Today Tonight goes to the heartland of that change in the places where new Australians from Asia, Africa and the Middle East are choosing to live.Sydney is a city of shifting suburbs, changing cultures and redefined postcodes redefined. It is out with the old, in with the new.
No longer an Anglo outpost, with six million migrants it is a tapestry of tribes scattered from Sydney's outer-west to its eastern suburbs.
And new pockets have emerged: Little Iraq in Fairfield, Little Philippines in Woodcroft and Little South Africa in Dover Heights.More stories from Today Tonight
For some it’s confronting but for those like demographer Bernard Salt, the conclusion is simple.“We take the best from them and they take the best from us," Mr Salt said.
Harris Park is otherwise known as Little India.“Near Parramatta, 41 per cent of the population is Indian born," Mr Salt said.
Harris Park's population boom began with restaurant, Bilu's. Before it opened, the Indian population was in the hundreds, now it’s over 5000 and an industry catering to this vibrant culture is now thriving.
There are a number of clothes stores, 15 Indian restaurants and a number of grocery stores.
Next stop is the home of Mustafa and it is the end of Ramadan, the Islamic holy month.
For Mustafa and his extended family, it’s like Christmas Eve.
“This is Christmas Day eating for us Muslims, 29 to 30 days of the month. We’ve got a seafood salad, we got some spring rolls, Kibbeh”, Mustafa said.“I don’t want to lose track of my culture, I’m definitely Lebanese-Australian. When we first came to Australia we were in Redfern a lot, in Marrickville a lot and they’ve slowly moved to Lakemba more, Wiley Park. For 10, 15 years we’ve been in Lakemba, Punchbowl, Greenacre," Mustafa said.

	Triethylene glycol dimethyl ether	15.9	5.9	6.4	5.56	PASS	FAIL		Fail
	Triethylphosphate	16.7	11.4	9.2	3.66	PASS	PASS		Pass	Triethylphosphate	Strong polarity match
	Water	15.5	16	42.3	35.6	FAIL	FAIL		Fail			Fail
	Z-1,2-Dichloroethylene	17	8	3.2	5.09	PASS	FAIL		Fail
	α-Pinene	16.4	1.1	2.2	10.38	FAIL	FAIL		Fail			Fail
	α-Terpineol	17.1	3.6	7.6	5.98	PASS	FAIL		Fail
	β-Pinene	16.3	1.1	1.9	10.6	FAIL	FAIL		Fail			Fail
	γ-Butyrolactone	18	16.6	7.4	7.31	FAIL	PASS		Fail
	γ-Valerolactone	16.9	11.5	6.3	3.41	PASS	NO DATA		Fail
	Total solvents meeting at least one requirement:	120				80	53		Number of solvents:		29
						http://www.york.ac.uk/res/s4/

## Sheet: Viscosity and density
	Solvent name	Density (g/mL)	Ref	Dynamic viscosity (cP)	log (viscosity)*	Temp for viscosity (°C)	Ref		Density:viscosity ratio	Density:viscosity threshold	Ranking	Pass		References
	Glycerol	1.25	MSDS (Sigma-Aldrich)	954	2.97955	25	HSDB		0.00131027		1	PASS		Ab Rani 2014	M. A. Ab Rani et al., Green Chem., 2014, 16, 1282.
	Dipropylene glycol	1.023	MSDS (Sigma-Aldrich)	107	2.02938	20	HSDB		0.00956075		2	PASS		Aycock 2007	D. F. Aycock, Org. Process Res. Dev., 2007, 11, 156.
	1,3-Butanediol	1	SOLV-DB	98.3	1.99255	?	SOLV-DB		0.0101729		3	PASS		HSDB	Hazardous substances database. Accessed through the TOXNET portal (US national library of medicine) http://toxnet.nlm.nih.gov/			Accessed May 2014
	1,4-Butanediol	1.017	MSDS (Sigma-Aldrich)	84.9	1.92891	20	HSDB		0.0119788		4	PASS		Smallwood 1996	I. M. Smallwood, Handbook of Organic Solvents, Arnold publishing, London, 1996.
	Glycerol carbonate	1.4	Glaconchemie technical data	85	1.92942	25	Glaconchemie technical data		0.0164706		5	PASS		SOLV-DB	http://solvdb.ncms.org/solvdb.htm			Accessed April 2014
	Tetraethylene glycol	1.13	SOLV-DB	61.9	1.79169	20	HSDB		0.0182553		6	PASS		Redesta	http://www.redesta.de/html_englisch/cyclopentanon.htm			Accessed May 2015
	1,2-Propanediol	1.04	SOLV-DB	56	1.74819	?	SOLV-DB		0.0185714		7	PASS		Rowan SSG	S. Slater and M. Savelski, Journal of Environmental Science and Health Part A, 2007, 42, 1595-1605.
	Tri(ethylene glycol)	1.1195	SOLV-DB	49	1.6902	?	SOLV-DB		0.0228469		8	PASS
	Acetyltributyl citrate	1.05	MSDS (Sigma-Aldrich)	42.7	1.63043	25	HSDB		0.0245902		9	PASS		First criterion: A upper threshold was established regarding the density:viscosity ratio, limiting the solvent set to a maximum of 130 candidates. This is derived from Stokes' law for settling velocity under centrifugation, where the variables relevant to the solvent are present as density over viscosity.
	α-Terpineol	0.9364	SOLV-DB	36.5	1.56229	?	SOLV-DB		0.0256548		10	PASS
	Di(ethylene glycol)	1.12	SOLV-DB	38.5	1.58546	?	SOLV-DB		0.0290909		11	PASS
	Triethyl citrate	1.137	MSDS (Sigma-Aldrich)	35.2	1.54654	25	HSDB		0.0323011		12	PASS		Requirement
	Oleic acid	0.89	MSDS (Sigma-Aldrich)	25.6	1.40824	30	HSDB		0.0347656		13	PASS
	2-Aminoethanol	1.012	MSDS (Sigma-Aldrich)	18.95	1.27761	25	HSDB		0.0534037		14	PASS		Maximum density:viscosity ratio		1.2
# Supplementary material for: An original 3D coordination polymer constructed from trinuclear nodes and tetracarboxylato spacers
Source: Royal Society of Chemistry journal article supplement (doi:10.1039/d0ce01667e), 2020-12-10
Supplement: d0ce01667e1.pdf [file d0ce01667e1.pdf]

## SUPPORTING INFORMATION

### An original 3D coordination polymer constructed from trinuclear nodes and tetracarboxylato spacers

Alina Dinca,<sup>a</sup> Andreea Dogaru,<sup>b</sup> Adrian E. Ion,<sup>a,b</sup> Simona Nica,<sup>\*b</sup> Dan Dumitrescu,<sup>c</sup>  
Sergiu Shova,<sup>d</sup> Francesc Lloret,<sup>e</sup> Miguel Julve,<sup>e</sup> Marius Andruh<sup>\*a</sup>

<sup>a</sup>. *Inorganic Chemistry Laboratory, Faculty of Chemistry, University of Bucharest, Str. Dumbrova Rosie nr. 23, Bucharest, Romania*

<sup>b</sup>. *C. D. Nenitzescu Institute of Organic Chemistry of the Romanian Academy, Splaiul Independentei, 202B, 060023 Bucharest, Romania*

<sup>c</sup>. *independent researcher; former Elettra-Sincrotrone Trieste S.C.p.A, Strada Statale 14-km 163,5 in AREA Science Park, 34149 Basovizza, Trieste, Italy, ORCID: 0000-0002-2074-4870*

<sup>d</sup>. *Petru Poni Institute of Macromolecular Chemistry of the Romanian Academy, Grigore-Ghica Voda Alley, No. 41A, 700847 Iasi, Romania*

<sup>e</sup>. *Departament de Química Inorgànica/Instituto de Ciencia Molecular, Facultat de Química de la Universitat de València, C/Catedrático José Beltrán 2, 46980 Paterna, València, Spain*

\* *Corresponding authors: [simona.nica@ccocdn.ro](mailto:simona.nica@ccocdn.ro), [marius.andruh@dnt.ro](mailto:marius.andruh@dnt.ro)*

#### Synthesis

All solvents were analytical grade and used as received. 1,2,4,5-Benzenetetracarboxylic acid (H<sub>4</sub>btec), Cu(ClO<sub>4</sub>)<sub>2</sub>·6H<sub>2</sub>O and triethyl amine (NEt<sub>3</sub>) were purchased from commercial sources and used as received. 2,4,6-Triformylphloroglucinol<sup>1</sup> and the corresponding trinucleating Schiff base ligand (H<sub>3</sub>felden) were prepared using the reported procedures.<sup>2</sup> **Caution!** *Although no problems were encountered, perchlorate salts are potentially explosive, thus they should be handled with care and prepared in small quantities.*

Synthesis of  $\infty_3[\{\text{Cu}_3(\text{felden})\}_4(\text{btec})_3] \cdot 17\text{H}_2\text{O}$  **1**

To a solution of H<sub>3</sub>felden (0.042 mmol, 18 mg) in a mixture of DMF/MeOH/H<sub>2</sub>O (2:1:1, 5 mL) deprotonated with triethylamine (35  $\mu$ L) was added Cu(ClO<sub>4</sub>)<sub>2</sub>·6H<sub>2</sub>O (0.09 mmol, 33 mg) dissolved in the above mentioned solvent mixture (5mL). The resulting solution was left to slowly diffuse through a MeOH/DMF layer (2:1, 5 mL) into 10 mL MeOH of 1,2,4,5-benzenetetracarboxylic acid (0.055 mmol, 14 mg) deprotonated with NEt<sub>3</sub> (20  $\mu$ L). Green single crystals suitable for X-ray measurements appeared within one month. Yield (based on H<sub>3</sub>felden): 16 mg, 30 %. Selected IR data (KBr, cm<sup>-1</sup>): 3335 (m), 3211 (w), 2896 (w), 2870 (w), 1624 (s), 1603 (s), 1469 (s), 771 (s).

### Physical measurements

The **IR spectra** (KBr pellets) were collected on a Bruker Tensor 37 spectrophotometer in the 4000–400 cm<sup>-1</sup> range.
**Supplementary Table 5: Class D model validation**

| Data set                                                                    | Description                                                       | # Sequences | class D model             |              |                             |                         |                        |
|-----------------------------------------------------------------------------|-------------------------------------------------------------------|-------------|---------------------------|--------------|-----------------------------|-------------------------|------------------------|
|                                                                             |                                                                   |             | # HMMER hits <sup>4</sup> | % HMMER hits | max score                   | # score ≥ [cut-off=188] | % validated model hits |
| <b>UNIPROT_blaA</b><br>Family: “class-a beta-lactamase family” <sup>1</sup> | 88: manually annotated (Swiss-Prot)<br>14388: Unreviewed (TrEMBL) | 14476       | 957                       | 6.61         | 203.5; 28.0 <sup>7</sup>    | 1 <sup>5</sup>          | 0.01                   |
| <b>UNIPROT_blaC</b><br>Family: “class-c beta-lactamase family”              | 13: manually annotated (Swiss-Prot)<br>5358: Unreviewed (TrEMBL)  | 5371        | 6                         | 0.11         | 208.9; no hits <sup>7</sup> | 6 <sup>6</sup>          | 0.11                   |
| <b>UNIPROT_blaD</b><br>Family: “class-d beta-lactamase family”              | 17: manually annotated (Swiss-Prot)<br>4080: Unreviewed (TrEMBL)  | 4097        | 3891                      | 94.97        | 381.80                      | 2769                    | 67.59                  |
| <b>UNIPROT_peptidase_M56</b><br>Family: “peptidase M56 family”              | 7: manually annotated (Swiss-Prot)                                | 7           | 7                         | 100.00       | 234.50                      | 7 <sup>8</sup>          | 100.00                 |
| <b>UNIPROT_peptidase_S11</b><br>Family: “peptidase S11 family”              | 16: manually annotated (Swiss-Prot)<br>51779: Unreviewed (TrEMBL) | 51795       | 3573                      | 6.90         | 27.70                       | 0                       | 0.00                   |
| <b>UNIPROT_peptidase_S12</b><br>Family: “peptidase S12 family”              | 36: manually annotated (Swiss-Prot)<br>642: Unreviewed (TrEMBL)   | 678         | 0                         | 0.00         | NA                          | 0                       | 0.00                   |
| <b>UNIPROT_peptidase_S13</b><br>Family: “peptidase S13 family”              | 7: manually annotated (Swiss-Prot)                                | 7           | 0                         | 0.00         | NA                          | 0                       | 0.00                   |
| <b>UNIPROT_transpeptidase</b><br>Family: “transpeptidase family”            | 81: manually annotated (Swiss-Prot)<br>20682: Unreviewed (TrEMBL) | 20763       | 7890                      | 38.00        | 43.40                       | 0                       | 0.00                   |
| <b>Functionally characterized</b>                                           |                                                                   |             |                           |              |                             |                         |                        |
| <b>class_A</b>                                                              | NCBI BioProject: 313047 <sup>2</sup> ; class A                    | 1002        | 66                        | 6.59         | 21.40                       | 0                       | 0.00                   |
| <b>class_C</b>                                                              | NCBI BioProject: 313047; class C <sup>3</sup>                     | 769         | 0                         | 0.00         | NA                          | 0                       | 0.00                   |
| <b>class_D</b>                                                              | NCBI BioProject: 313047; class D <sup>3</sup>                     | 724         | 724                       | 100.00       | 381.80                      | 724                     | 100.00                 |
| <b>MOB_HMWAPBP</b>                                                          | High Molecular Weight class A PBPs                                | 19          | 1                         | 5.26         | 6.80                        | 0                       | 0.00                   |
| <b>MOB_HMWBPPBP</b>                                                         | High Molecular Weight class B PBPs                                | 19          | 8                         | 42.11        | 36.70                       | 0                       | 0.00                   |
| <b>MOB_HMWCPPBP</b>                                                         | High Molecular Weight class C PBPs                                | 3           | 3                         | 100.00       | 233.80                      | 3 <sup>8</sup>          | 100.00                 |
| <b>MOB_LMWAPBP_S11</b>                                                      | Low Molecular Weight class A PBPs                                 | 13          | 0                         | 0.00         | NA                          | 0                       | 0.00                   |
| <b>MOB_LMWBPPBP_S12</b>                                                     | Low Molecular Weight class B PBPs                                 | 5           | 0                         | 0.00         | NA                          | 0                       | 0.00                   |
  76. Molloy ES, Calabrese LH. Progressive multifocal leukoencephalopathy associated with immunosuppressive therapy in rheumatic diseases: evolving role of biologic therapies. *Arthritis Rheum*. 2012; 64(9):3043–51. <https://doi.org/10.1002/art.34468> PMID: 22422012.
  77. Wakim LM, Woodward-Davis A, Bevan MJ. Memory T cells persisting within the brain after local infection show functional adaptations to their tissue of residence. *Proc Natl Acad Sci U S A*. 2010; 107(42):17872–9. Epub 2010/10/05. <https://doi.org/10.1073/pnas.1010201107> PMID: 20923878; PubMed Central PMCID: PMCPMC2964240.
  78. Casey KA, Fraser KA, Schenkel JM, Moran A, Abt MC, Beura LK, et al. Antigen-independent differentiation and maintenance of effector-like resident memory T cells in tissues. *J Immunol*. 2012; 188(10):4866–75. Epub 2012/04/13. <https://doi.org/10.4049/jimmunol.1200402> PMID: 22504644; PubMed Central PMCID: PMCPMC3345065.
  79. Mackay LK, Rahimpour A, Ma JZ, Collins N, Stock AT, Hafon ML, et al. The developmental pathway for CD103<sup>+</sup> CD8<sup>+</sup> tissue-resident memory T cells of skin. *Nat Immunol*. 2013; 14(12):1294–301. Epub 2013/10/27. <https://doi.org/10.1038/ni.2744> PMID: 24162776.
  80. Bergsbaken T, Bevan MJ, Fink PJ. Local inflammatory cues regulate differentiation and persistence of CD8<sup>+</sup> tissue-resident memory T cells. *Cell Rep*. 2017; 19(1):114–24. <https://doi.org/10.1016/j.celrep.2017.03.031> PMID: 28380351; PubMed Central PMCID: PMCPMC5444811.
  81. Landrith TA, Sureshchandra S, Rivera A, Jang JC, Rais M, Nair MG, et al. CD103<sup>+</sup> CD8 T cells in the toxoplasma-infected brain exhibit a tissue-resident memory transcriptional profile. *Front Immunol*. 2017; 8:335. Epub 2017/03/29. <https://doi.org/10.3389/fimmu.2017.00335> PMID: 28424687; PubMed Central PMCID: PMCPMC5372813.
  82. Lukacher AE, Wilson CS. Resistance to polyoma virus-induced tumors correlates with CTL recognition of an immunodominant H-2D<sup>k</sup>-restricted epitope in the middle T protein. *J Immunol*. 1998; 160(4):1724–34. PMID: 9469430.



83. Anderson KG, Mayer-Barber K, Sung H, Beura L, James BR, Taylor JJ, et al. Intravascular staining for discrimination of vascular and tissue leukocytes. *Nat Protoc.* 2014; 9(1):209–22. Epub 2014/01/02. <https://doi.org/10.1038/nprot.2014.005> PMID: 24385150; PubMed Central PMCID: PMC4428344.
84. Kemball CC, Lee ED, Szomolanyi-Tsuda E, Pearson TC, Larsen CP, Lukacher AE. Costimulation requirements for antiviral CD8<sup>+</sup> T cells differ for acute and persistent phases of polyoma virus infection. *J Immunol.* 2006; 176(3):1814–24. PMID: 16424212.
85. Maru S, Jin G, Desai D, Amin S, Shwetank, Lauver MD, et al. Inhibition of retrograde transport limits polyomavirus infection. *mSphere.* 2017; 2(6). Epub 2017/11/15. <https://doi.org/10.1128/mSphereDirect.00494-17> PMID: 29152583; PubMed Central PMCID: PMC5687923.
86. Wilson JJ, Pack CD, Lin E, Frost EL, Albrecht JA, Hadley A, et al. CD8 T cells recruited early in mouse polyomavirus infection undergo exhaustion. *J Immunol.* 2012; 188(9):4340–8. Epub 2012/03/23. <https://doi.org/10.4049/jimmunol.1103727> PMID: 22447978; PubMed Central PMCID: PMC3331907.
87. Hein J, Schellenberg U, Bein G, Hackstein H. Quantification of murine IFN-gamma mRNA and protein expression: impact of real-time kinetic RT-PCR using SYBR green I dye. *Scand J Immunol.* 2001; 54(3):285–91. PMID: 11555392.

“We like to gather in an area - it caters to our needs in regards to the foods we eat and the education we like to send our kids to. I’s all here”, Mustafa’s friend, Albert said.
The highest number of concentration of the Chinese community is in Hurstville in Sydney's south. Thirty-six of the population in Hurstville is Chinese.
Two thirds of Sydney's Jewish community lives in the Eastern Suburbs.
For Rabbi Slavin and his family, the Bondi Jewish community has risen around its Synagogues, Jewish schools and Kosher shops.
“Sydney is a town where one in three people are born overseas. It is a very, very migrant driven town and within the Jewish community it’s much higher than that. They’ve come to make a better life for themselves, they’ve come to leave whatever challenges, sorrow behind and they want to really give themselves and give the families a go to do much better. And this really is so Australian of giving people a go. It so goes to the core of who we are as a country," Rabi Slavin said.
“Many ethnicities have strong and religious values and as a consequence, they like to be located near their religious institutions, whether that's a mosque, whether it's a church, whether it's a synagogue. This is very important to the Jewish community”, said Rabi David Slavin.
And if history is a guide, people will also move into different areas.
“The Greeks and Italians arrived, primarily Melbourne and Sydney, in the 1950s and the 1960s and they congregated into specific suburbs, places like Leichardt in Sydney, Carlton in Melbourne. Over time, within a generation, the Greeks and the Italians had moved out of those enclaves and into the broader community and my view is that we'll find that the Chinese, the Indians and other nationalities and ethnicities will do the same," Mr Salt said.Are you comfortable with Australia's new multiculturalism?